Ancient pagans asked for baptism? Really? Where is the footnote to this important piece of religious history that’s been kept hidden from me all these years? I’m a pretty voracious reader. especially on paganism during the formative years of Christianity. Oh Academy how you’ve failed me!
Of course Modern Paganism is a re-creation of ancient paganisms, exactly for many of the reasons sighted by Mr. Shea. The Ancient World had problems. There was slavery, patriarchy, war, and a whole host of other horrible things that didn’t go away when the Roman Empire became officially Christian in 381 CE (if anything, they became worse). I’m well aware of the failings of the Greeks and the Romans. Since worship of Isis and the Magna Mater was especially far-reaching during the early Christian period (and before) it’s hard to imagine that the Virgin Mary “invented the idea that love of woman could be ennobling” (though lacking in physical expression of that love). I’m going to ignore most of the Protestant/Middle Earth gobble dee gook that Mr. Shea included there in the middle. I’m willing to bet that Mr. Shea would be disappointed if he ever met a large group of Pagans since most of us don’t dress like SCA refugees.
I suspect this may be due to the fact that dilletante suburban Europeans and Americans don’t *really* want to adopt the lifestyle of a 15th century Maori cannibal, or eschew western science (a fruit of Christianity*) in favor of shaking mistel branches at statues when they have a toothache, or live the hardscrabble hand to mouth existence of a hunter/gatherer on the Veldt. That’s getting in touch with a lot more Nature than dilettante suburbanites want. So while I have a very high regard for real paganism, it’s hard to take neo-paganism seriously. It is, painfully obviously, the product not of ancients, but of suburban moderns, playing at fantasy.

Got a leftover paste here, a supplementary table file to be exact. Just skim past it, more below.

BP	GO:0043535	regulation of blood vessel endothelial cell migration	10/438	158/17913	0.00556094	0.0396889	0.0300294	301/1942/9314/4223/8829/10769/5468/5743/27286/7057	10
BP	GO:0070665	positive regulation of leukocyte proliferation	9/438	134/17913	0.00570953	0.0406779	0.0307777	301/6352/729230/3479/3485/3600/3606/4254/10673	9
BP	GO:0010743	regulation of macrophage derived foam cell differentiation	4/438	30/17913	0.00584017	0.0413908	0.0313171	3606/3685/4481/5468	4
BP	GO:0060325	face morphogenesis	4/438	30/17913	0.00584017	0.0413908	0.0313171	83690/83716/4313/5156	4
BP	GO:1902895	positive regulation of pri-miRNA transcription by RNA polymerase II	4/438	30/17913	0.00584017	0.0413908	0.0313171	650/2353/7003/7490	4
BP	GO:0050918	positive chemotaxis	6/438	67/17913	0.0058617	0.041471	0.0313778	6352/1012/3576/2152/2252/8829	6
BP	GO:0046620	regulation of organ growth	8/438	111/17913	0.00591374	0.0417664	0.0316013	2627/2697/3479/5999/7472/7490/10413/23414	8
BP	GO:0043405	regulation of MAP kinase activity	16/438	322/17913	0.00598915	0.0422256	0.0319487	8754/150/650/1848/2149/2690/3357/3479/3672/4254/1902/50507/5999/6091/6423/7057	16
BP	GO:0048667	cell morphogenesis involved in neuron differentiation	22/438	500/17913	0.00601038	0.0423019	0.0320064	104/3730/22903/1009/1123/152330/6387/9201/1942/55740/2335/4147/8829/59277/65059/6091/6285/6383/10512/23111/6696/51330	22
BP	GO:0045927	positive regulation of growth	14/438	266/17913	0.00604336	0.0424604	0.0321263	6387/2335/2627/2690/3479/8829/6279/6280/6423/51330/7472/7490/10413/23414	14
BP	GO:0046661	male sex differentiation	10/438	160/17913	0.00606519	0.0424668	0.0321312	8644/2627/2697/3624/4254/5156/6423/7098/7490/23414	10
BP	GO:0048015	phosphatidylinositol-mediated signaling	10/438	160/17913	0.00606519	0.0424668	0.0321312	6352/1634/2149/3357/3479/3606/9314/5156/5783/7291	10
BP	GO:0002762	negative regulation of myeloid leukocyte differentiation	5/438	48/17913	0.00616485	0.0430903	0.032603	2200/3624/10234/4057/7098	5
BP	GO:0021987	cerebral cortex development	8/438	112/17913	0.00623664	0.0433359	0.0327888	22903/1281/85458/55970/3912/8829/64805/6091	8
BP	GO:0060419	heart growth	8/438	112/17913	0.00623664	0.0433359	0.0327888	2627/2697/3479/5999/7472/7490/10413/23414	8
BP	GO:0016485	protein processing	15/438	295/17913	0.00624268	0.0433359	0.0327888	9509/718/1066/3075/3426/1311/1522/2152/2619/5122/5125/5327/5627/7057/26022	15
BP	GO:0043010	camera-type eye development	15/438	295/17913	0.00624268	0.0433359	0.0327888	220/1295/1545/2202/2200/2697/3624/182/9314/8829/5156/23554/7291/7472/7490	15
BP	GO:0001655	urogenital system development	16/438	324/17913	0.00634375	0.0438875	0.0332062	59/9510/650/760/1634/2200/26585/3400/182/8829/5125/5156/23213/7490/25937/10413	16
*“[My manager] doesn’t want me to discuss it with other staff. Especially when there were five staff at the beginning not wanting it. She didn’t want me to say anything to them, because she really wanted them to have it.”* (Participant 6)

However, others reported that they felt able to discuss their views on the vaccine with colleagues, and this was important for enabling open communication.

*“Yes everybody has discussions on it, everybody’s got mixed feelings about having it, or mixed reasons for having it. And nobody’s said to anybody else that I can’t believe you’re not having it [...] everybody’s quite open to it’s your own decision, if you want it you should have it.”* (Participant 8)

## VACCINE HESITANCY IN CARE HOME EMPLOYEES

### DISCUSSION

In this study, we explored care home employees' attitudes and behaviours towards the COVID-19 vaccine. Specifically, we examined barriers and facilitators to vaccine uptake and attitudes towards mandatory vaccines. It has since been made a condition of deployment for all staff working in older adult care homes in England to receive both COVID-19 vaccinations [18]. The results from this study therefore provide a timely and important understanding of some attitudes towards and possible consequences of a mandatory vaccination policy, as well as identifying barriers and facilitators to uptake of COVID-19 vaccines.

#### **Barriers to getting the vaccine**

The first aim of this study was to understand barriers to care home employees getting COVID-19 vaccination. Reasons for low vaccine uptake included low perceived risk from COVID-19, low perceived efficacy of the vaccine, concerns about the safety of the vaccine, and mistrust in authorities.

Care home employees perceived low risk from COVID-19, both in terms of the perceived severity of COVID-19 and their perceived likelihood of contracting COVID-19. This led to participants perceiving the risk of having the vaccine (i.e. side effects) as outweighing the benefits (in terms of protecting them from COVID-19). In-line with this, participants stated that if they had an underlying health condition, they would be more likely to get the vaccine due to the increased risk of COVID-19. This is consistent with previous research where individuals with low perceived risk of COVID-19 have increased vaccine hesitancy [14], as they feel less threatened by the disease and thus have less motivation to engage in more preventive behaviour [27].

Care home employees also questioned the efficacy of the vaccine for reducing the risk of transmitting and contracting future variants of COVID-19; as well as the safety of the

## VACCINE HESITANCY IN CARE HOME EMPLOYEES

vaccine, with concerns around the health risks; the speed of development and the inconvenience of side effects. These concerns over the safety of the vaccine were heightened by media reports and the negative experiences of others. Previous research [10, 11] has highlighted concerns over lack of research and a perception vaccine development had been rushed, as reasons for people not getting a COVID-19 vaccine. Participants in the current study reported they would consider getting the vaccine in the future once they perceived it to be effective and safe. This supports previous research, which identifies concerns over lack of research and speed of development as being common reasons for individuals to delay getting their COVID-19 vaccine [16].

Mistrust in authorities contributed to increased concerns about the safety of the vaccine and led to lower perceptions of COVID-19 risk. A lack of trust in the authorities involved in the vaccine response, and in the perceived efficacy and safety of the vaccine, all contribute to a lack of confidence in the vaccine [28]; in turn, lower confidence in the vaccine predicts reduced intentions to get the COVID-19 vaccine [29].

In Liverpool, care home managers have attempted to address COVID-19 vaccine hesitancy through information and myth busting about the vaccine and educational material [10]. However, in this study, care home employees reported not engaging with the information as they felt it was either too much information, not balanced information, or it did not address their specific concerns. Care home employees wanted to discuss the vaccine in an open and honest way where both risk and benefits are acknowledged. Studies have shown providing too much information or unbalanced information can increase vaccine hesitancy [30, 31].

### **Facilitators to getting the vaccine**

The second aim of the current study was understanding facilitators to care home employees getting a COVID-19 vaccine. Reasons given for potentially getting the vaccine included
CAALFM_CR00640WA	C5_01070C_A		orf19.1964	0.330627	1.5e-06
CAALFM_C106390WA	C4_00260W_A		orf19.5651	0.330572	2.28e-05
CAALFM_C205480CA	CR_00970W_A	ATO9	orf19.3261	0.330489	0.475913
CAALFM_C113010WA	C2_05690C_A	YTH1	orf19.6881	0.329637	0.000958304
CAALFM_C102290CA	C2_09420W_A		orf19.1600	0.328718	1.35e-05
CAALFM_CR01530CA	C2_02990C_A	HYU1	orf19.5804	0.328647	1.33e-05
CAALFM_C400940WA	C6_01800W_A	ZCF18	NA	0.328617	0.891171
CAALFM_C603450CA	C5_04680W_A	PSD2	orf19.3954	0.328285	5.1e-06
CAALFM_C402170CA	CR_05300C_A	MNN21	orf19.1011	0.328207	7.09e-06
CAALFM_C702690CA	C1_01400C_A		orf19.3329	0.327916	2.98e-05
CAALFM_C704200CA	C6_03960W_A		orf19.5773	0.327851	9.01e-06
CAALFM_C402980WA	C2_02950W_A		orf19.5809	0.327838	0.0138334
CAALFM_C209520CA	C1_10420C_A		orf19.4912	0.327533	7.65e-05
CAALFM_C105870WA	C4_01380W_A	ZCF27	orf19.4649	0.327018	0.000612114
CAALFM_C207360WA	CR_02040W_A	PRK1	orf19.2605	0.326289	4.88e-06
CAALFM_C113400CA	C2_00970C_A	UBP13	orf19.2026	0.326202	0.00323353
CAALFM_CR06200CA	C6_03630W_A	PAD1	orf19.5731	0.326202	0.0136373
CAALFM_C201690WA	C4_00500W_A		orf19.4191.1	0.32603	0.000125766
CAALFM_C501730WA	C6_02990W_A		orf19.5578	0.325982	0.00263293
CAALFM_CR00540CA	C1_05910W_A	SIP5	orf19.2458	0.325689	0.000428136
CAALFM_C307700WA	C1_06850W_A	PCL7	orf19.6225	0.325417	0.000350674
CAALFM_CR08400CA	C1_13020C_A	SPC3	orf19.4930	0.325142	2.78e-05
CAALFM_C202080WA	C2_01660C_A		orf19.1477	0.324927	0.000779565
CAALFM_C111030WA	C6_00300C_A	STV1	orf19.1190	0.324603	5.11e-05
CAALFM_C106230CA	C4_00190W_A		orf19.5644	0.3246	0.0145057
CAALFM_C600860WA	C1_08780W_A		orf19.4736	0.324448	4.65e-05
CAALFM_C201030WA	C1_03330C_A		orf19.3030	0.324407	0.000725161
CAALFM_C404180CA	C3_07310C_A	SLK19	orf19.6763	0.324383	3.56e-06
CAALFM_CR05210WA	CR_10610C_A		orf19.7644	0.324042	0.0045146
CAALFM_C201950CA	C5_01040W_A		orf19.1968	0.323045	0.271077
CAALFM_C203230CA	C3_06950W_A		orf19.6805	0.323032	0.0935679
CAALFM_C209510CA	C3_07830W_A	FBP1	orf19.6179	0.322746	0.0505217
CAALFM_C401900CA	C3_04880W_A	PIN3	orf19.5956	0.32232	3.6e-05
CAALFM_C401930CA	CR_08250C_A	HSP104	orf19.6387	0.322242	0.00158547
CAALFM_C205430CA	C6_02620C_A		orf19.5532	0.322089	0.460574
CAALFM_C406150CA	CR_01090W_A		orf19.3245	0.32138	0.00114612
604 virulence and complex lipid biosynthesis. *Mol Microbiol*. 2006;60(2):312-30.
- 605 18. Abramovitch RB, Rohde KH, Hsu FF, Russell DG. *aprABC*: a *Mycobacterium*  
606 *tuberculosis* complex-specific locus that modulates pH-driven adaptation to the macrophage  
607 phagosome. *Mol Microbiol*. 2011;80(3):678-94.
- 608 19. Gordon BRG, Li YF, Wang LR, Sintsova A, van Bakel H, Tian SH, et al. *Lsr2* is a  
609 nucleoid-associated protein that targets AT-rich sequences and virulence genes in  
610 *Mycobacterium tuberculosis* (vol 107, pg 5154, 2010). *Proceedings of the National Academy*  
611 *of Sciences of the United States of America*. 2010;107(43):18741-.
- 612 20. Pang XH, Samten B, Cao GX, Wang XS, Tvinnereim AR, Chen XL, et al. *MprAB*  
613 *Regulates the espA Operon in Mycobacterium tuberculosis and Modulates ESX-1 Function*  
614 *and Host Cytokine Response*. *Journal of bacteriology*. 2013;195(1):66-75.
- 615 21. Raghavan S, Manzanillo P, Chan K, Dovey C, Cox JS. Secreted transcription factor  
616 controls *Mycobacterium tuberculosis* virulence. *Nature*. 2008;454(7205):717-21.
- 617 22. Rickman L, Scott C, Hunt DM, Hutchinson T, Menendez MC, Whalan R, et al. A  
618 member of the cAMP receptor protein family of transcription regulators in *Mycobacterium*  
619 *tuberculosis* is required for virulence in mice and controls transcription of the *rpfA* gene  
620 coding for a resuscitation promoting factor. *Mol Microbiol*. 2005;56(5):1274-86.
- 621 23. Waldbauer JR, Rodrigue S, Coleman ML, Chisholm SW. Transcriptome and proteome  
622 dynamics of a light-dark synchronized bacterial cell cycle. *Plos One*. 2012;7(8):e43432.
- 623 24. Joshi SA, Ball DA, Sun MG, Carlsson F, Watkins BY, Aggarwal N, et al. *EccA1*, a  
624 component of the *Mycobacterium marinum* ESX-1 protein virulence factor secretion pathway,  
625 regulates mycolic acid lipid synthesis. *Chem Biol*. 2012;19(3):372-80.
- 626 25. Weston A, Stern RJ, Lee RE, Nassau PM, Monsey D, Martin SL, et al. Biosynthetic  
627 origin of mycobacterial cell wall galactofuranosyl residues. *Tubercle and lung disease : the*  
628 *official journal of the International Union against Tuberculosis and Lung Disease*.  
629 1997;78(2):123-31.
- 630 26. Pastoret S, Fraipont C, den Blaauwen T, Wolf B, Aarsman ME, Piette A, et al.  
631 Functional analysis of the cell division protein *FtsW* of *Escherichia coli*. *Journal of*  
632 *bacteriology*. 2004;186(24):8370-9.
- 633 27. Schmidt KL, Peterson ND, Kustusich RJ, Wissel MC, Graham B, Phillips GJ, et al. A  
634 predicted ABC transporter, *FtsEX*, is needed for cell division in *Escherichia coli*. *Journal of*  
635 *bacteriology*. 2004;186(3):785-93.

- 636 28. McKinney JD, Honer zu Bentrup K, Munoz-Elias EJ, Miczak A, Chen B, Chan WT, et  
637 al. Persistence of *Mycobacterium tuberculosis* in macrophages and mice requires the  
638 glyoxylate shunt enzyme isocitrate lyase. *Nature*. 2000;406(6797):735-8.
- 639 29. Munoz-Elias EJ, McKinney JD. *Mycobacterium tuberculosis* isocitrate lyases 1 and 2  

I don’t understand why I would want to adopt the lifestyle of a Maori cannibal. What’s wrong with letting the fruits of Western Pagandom and the Western Magical Tradition grow and ripen in the Modern Era? I don’t see most Christians awaiting Judgement Day and selling off all of their possessions. Faiths tend to grow, even the Catholic Church doesn’t just use Latin at Mass anymore. By Shea’s reasoning any sort of progress is a negative thing. Religion should react to the challenges and circumstances of the Modern World. Modern Paganism does that, which is why it’s growing faster than Catholicism in the United States. You bet your butt that my faith is not the product of “ancients,” that’s why it speaks to me.
The real heirs to all that was best in paganism are, in fact, Catholics. If you want actual contact with cultural currents and thoughtforms that take you back to remote antiquity and connect you, not only with pre-Christian pagans, but with ancient Jews as well, then look there.
If you want to connect with currents and thought-forms that take you back to antiquity, why not worship the deities that shaped antiquity? I’m sorry, but I’m always going to feel closer to my ancient pagan ancestors while doing ritual outdoors with the gods they worshipped. You can keep your air conditioning, and your lack of understanding concerning my religion. I don’t care whether or not people agree with my faith, but it’s certainly just as real as anything else.
*It wasn’t eight million, but 80,000 souls is nothing to look at lightly
**Islam, but you can have your myths. In fairness the Catholic Church has been very supportive of scientific progress in the 20th Century.